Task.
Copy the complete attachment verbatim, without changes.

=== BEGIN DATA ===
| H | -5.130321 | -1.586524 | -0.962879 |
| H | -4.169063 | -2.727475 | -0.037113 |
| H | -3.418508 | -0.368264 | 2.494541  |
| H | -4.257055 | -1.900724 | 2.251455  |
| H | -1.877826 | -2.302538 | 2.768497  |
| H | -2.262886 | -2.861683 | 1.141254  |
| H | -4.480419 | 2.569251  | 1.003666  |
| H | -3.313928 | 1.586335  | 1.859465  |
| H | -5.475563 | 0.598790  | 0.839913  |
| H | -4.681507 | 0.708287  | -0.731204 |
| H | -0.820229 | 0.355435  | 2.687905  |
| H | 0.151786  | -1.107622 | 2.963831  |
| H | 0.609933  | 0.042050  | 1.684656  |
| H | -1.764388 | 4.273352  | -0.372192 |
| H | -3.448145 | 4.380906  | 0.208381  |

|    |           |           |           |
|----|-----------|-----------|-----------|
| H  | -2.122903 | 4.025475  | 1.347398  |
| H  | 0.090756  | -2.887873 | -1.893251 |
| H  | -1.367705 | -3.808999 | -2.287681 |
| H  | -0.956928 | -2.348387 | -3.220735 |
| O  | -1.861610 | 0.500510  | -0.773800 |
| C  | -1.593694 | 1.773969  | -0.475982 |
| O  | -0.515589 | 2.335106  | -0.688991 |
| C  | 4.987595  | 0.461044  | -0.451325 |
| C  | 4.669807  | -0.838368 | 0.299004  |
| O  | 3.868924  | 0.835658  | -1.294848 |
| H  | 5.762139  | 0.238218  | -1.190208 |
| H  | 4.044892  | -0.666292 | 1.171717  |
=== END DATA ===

| H | -5.130321 | -1.586524 | -0.962879 |
| H | -4.169063 | -2.727475 | -0.037113 |
| H | -3.418508 | -0.368264 | 2.494541  |
| H | -4.257055 | -1.900724 | 2.251455  |
| H | -1.877826 | -2.302538 | 2.768497  |
| H | -2.262886 | -2.861683 | 1.141254  |
| H | -4.480419 | 2.569251  | 1.003666  |
| H | -3.313928 | 1.586335  | 1.859465  |
| H | -5.475563 | 0.598790  | 0.839913  |
| H | -4.681507 | 0.708287  | -0.731204 |
| H | -0.820229 | 0.355435  | 2.687905  |
| H | 0.151786  | -1.107622 | 2.963831  |
| H | 0.609933  | 0.042050  | 1.684656  |
| H | -1.764388 | 4.273352  | -0.372192 |
| H | -3.448145 | 4.380906  | 0.208381  |

|    |           |           |           |
|----|-----------|-----------|-----------|
| H  | -2.122903 | 4.025475  | 1.347398  |
| H  | 0.090756  | -2.887873 | -1.893251 |
| H  | -1.367705 | -3.808999 | -2.287681 |
| H  | -0.956928 | -2.348387 | -3.220735 |
| O  | -1.861610 | 0.500510  | -0.773800 |
| C  | -1.593694 | 1.773969  | -0.475982 |
| O  | -0.515589 | 2.335106  | -0.688991 |
| C  | 4.987595  | 0.461044  | -0.451325 |
| C  | 4.669807  | -0.838368 | 0.299004  |
| O  | 3.868924  | 0.835658  | -1.294848 |
| H  | 5.762139  | 0.238218  | -1.190208 |
| H  | 4.044892  | -0.666292 | 1.171717  |